There are it is true "commentators" on line who say put it on the inside but I prefer to run with the manufacturers, builders, and the science.
Where it does get a bit complex I admit is when the successive layers listed from inside the shed go (typically) Board Liningl, al.foil (on kingspan or similar), insulation,al.foil,small air gap,vapour barrier, larger air gap, cladding. I may omit the board lining but as according to the manufacturers the al.foil on both sides of the insulation will act as presumably two additional vapour barriers it all gets a little complicated. One thing I do know is that with timber cladding some external water will get through the cladding layer (pressure differences, due to wind gust conditions during storms) and I want that in the air gap between the vapour barrier I will add and the cladding where later drier air movement will dry it out. The added vapour barrier will pretty well keep these cold air movements outside the vapour barrier so that they don't appear as draughts, although I am hoping to achieve a good fit with the Kingsspan accurately cut,aided by a few miles of very cheap neoprene rubber draught seal strip.
The additional vapour barrier outside the insulation I can assure all only has a snowball in the hot place's chance of being installed if I decide when I start insulation operations there is no chance I shall be found a few years hence as a suffocated mummy wrapped in several hundred layers of green vapour barrier plastic . I certainly think it might be tricky as I intend to minimise punctures by nails and staples if at all possible and to tape any punctures (a la Bazyle) I do have to make to keep me from being driven even more insane than usual , by the sq. miles of green plastic.
Do we have a physicist in the house ??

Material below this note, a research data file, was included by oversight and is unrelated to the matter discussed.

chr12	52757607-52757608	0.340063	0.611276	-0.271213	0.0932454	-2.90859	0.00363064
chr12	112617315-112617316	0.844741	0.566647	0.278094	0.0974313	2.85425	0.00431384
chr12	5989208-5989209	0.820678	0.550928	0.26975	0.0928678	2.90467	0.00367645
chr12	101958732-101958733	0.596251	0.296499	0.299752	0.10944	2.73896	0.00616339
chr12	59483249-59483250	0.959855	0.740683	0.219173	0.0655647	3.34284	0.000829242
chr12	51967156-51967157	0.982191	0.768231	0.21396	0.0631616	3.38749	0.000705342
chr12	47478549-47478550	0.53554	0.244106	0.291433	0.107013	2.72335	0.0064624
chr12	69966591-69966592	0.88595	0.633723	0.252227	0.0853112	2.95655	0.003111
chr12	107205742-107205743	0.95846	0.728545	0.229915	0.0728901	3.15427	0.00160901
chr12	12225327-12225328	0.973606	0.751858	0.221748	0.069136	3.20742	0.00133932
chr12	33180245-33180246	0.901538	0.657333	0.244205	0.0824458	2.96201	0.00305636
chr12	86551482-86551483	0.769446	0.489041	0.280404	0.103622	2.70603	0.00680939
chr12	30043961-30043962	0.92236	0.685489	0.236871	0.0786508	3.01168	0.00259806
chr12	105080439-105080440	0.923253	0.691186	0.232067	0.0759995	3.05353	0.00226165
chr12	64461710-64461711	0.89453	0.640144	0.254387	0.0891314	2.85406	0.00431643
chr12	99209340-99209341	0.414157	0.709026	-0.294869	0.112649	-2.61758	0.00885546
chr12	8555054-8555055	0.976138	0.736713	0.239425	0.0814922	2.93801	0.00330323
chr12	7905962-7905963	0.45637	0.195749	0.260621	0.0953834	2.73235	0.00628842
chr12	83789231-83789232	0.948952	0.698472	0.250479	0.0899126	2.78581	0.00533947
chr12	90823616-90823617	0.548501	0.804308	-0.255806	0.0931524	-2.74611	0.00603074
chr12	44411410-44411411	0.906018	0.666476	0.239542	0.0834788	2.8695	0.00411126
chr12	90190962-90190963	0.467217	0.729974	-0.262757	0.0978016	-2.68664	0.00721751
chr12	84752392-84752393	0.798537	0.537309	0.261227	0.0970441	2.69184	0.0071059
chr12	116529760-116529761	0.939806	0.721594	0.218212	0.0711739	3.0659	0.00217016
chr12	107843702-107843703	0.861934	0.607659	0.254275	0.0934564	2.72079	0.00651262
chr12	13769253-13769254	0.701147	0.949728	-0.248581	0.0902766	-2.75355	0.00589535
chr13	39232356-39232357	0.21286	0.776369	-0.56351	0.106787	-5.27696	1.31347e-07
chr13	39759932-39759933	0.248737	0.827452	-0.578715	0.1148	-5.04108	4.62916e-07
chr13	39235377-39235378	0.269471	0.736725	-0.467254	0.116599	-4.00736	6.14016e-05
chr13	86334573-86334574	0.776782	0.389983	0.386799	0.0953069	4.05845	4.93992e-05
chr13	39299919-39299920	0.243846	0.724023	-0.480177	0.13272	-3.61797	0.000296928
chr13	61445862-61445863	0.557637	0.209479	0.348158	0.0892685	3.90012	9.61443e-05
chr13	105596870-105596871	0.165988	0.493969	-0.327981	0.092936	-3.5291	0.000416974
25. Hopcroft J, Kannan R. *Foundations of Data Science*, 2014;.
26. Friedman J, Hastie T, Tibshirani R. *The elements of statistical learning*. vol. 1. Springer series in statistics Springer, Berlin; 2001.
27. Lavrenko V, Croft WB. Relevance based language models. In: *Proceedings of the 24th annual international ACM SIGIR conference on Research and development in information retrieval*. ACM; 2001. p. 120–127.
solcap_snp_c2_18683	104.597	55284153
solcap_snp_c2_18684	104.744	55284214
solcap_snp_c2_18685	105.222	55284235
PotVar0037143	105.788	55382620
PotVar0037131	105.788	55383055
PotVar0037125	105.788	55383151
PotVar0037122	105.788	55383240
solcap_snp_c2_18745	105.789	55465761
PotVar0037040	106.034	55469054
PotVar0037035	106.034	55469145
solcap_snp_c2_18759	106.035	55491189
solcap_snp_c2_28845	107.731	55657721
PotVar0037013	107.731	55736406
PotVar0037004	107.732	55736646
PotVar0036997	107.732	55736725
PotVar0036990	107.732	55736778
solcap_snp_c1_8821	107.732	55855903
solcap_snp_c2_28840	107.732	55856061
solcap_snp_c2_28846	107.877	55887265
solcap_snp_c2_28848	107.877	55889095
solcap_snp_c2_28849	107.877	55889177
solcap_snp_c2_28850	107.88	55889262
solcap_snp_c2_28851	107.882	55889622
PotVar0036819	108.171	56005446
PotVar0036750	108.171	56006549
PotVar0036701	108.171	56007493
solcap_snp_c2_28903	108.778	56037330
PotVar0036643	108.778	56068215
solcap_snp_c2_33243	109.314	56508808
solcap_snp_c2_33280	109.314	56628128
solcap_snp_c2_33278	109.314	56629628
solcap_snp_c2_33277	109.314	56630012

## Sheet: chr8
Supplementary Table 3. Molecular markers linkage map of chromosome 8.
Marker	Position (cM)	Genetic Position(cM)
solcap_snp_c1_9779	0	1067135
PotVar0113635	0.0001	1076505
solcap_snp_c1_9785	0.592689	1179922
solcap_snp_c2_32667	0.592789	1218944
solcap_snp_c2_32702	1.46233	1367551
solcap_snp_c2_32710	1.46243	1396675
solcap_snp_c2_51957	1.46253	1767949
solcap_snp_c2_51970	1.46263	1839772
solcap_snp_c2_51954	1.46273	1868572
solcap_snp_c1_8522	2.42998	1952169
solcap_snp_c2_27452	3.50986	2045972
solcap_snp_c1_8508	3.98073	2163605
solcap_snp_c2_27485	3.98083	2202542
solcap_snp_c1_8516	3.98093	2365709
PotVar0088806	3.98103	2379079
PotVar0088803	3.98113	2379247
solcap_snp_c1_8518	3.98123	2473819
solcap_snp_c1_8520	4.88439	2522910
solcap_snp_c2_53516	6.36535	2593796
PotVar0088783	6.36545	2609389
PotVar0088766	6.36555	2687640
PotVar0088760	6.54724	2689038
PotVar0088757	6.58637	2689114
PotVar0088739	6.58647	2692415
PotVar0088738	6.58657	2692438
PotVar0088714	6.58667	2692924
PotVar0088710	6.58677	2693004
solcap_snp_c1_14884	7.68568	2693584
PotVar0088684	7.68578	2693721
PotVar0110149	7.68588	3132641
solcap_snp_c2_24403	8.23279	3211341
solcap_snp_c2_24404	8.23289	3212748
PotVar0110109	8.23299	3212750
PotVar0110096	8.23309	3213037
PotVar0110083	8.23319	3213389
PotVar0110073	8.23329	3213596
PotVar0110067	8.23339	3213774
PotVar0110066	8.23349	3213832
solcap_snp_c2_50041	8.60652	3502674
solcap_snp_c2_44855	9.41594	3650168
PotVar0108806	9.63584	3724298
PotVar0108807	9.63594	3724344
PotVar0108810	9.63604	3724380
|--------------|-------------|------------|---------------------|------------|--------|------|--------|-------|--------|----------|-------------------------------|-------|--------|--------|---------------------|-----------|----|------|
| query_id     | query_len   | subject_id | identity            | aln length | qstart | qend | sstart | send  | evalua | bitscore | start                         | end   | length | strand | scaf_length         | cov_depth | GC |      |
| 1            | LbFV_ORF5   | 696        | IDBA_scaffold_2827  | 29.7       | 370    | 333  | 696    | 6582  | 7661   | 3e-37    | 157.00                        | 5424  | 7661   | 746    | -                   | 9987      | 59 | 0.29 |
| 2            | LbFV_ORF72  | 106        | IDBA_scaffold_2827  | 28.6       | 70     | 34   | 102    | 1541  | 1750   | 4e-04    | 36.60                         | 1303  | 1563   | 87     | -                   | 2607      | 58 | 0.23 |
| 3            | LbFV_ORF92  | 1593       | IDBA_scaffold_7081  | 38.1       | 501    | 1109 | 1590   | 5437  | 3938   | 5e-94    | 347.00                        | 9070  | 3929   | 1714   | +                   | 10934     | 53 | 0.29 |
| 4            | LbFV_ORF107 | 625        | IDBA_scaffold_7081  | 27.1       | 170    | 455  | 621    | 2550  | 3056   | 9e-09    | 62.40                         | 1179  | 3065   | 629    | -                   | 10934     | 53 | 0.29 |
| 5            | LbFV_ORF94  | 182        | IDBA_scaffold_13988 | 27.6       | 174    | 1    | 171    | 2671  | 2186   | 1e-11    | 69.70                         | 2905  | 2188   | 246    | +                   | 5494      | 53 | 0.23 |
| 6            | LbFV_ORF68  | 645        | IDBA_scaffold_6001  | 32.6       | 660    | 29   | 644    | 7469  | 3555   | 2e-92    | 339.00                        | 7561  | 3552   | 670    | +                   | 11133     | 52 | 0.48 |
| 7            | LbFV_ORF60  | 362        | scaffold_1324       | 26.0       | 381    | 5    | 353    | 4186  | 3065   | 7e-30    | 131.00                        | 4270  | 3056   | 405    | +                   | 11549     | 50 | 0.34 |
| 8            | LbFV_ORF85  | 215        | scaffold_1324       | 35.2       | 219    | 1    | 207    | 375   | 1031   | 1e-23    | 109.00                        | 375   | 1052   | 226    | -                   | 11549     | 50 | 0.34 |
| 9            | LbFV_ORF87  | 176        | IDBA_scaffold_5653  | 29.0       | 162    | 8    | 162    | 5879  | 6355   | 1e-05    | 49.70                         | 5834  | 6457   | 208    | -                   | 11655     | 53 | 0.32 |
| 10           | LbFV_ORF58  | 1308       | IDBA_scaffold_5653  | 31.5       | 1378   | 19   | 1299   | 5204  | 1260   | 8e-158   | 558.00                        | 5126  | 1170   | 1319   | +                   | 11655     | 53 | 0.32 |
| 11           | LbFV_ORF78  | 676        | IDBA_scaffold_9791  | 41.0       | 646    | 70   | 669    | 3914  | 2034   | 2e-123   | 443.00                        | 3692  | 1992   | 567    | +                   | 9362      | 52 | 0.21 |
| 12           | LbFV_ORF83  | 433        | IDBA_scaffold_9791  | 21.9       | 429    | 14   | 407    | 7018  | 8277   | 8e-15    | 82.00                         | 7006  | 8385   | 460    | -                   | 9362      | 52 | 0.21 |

|frank brown||17/11/2014 21:34:32|
|436 forum posts|
ref, compressing glass fibre.
Years ago I bought from a scrap yard an ex-MOD hot food transport box..It was made of ali, double skinned with about 5/8" of incrediblely compressed glass fibre. So I came to the conclusion to a no-expenses spared outfit like the MOD, to keep hot stuff hot , the idea of more glass fibre the better.
Its bit like the foam stuff, the less air movement, the better, but this has to be balanced against the conduction through the actual material, i.e. the plastic of the foam or the glass of glass fibre.
I can not find any articles on the web to give the law between the thermal performance and the weight of glass fibre for a given overall thickness. I have found some articles that actually say that compressing 6" glass fibre into a 4" void gives inferior performance (then using it in a 6"void), but when the sums are done it is still better then 4" glass fibre in a 4" void.
I would say stuff as much glass fibre into the void, subject only to bending the boards in trying to shut it in!!!
The whole subject of glass fibre (v. multi foils for instance) is still not resolved, because the standard BSI test (the "hot box" for the thermal conductivity, is very much a laboratory experiment and does not reflect what happens in real life.
|alan frost||17/11/2014 23:21:42|
|137 forum posts|
I think you have a point ,Frank, compressing glass fibre wool or similar must still leave a lot of air voids ,if smallish, with many small voids presumably being better than fewer larger ,possibly convection prone voids.